Trained as an advanced practice psychiatric nurse. Thirty years experience in inpatient and outpatient settings. Six years psychopharmacology experience. Live in Costa Rica with my husband and my dogs where I swim every day in my lap pool under the tropical sun with the soft breezes coming up from the Pacific Ocean.
Psychcns has '30' year(s) of experience and specializes in 'Psych'. Joined Feb '06; Posts: 490; Likes: 316.1Jun 30, '12 by VivaLasViejas, ASN, RN GuideBeautiful.
Bless you for doing this life-saving work. I cannot imagine what it must be like to go through the hell of a depressive episode or the desperation of SI in a place where there is no hope of getting help. You provide a critical and most valuable service, and I salute you for doing so. :bowingpur
Living in a middle-class world where I can call my psychiatrist any time I'm in trouble and see him regularly for 'maintenance', I tend to take mental health care for granted.......thank you for reminding me of how very fortunate I am.0Aug 13, '12 by knightr4I am just beginning my career in nursing. I fnished pre-reqs and am working as a CNA at a hospital. I am getting a good idea of what sort of things an RN does but want to better understand different jobs available for NPs so I can see if that might be a good/better option for me. This was really helpful. Sounds like you do wonderful work. For Psych NPs I understand alot of job openings tend to be in rural areas like the one described here. Is that accurate?0Aug 13, '12 by PsychcnsThank you for reading my article and giving me feedback.@knightr4. There are more psych np jobs in cities-permanent positions. A lot of locum tenens jobs are rural because more people want to live in or near cities.Psych is a wonderful specialty-less inpatient now because the meds are more effective.0Apr 1, '13 by Serendipity1966Thank you psychcns for posting such a poetic and heartfelt entry. I have been working in a very poor community as a psych np, and am looking at doing some travel np work. I wonder if you can share some sage words of wisdom for me and others like me. I am not even sure if I know the right questions to ask... perhaps you can help with that? And whom would you recommend I contact? I have come across a few but they all look about the same. All claim to be leaders in placing folks, competitive wages, etc... Any suggestions? Thanks so much in advance!0Apr 2, '13 by PsychcnsQuote from Serendipity1966Hey. Thanks for reading my article. I found the response by accident. I was browsing psych.Thank you psychcns for posting such a poetic and heartfelt entry. I have been working in a very poor community as a psych np, and am looking at doing some travel np work. I wonder if you can share some sage words of wisdom for me and others like me. I am not even sure if I know the right questions to ask... perhaps you can help with that? And whom would you recommend I contact? I have come across a few but they all look about the same. All claim to be leaders in placing folks, competitive wages, etc... Any suggestions? Thanks so much in advance!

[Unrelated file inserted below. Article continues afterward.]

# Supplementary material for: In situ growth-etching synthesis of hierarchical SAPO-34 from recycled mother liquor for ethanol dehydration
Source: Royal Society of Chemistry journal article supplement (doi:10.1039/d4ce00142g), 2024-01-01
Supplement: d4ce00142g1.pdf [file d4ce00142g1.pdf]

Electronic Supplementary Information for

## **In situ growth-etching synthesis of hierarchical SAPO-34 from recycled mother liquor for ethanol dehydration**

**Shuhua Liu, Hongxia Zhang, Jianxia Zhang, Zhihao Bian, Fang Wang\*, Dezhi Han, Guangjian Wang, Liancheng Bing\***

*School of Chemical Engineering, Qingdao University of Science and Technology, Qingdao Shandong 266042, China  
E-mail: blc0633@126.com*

I work for Staff Care. I have come close to getting jobs with Barton and Advanced Practice. Staff care comes through with the jobs. I am trying to work 3 2 month assignments per year. Most assignments are 3 months. I just started with a forensic population.
I like locums because I am only doing psych and not getting involved with the politics--or not too much.. Please PM me with specific questions.
It is hard entering a new community and the first week or so I am shell shocked. And then I am just working. I try to be positive and try to have a good effect on the organization.
I would rather not be working but I like psych a lot..I am reading Daniel Carlats book on psychiatric interviewing and how at every encounter you try to relieve suffering. I am also pretty good at picking meds and that is gratifying.